Squalus Circulatory System

By Leslie Cook and Mark Hatfield (1999)

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Along with the organ systems that provide for the metabolic needs of the body, we will consider the circulatory system. Oxygen and food are carried from the respiratory and digestive organs to all the tissues and cells; carbon dioxide and other excretory products are carried from the tissues to sites of removal; hormones are transported from the endocrine glands to the tissues; and heat is distributed throughout the body by the circulatory system. The system also has other functions. It aids in combating disease, repairing tissues, and it helps to maintain the constancy of the internal environment (homeostasis) in many other ways. Refer to (squalusmain) for an overview of the Squalus’s circulatory system.

Ancestral fishes retain parts, at least, of all six embryonic aortic arches, but the aortic arches are obviously modified in the adults for the interposition of gills and the supply of blood to the head. During the course of embryonic development, six complete aortic arches differentiate from anterior to posterior. The ventral portion of the first aortic arch disappears, but the ventral portions of the remaining five form the afferent branchial arteries (branchart). The dorsal parts of the remaining aortic arches form the four efferent branchial arteries (branchart2). When comparing Squalus to nonmammalian tetrapods (e.g. Necturus), the first two arches are lost. In the case of mammals (e.g. Felis), the first, second, and fifth aortic arches are lost. Necturus and Felis demonstrate the reduction and further specialization of aortic arches over evolutionary time. These important changes that have occurred are due to the transition from an aquatic to a terrestrial environment (Walker and Homberger 1992).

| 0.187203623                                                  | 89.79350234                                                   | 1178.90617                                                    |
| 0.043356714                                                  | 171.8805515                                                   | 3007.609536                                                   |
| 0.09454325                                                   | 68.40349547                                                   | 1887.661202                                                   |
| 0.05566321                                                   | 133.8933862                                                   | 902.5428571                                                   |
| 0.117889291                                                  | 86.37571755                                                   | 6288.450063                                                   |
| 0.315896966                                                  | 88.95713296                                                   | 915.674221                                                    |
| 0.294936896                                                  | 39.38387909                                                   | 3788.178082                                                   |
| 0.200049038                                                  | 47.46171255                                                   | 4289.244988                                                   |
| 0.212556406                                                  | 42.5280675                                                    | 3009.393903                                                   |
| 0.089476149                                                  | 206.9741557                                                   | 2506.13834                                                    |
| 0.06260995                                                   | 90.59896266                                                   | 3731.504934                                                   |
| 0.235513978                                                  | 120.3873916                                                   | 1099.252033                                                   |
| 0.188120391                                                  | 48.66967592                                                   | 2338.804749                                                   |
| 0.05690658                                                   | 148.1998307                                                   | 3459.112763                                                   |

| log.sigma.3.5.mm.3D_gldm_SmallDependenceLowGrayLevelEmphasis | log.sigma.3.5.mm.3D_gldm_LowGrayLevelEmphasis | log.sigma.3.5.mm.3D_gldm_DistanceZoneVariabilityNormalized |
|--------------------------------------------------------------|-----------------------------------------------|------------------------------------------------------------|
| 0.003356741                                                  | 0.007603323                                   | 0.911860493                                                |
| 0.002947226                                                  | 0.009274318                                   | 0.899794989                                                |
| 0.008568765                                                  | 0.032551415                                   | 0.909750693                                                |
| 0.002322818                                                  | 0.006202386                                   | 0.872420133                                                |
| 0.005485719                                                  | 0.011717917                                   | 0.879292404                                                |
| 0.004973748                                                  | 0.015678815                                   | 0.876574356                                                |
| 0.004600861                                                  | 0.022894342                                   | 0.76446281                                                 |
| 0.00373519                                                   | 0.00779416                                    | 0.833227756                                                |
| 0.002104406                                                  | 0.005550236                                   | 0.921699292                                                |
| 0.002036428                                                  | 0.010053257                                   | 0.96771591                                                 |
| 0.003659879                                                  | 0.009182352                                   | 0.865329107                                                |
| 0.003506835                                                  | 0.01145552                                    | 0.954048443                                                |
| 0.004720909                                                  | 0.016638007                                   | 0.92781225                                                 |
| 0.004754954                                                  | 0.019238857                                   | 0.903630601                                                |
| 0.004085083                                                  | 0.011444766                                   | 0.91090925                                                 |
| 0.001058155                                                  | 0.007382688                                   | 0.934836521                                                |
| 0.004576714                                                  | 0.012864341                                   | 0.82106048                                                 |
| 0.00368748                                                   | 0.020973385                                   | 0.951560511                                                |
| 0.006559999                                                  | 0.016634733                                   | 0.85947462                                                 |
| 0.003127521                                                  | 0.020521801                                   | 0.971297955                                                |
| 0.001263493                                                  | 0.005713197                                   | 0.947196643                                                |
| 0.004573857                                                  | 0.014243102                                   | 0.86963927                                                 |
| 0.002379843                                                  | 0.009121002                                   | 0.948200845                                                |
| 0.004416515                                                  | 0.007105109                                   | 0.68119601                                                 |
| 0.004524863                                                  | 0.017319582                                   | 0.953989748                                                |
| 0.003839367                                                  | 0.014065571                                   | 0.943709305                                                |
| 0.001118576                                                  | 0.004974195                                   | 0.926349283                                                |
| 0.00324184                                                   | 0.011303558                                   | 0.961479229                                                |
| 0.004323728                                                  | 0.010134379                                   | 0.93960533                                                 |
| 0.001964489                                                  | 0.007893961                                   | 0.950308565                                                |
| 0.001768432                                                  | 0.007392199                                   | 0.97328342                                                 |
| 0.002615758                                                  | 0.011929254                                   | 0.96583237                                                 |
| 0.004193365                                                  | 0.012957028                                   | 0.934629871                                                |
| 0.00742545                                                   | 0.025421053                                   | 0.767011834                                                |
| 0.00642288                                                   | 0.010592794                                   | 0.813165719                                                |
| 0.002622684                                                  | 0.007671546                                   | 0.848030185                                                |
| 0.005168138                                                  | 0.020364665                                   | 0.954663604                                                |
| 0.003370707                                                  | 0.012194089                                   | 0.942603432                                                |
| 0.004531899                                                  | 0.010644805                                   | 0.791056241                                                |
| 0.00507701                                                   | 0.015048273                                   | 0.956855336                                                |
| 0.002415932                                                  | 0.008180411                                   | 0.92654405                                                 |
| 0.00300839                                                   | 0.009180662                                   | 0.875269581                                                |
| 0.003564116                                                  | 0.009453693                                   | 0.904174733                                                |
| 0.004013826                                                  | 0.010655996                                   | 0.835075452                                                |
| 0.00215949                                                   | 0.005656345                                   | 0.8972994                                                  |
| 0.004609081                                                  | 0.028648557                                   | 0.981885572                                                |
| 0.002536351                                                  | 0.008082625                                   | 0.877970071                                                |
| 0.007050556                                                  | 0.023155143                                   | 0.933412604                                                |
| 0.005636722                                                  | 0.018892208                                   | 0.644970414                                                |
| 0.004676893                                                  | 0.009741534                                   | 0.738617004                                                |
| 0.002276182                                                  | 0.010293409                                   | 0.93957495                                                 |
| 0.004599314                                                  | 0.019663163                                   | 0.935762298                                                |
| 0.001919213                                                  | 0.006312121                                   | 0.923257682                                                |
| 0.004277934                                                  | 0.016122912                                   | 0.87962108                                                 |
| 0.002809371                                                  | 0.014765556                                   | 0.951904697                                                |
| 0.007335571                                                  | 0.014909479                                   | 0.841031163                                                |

The dogfish heart (sqheart), lies in the pericardial cavity, which is solidly encased by the cartilaginous pectoral girdle, the large basibranchial cartilage, and the hypobranchial musculature. Its location within this rigid box permits it to act alternately as a pressure pump or as a suction pump. The heart in Necturus, like Squalus, lies in the pericardial cavity but is encased by an ossified and cartilaginous pectoral girdle. In amphibians, the importance of the changes in the heart and aortic arches is a relative increase in the blood pressure in the dorsal aorta and in the general efficiency of the circulatory system. A frog, for example, has a systolic pressure in the dorsal aorta of 30mm Hg compared with a systolic pressure in the dorsal aorta of a dogfish of 17mm Hg. Being a much smaller animal, the relative efficiency of the frog’s circulation is even greater than these values imply. In Felis, the heart is totally encased by an ossified pectoral girdle. In humans, for example, the left ventricle develops a very systemic hydrostatic pressure in the dorsal aorta, which is approximately 100mm Hg as compared to Squalus and amphibians. Over evolutionary time, from ancestral fishes to modern mammals the changes in the systolic and hydrostatic pressures and encasement of the heart that occur correlate mostly with the increase in activity and rate of metabolism (Walker and Homberger 1992).

The functional significance of the renal portal system (sqveins) is not clear, but it is known to be a low-pressure system. This system is not present in agnathous fishes such as the lamprey, but is present in later ancestral fishes (e.g. Squalus) and amphibians. The system is lost in mammals. The loss of the renal portal system in mammals may be correlated with an increased blood pressure, for a large volume of blood now enters the kidneys directly from the aorta, and with the evolution of different mechanisms for conserving body water (Walker and Homberger 1992).

Works Cited

Warren, Walker F. and Dominique G. Homberger. Vertebrate Dissection Eighth Edition. Saunders Publishing Company. 1992.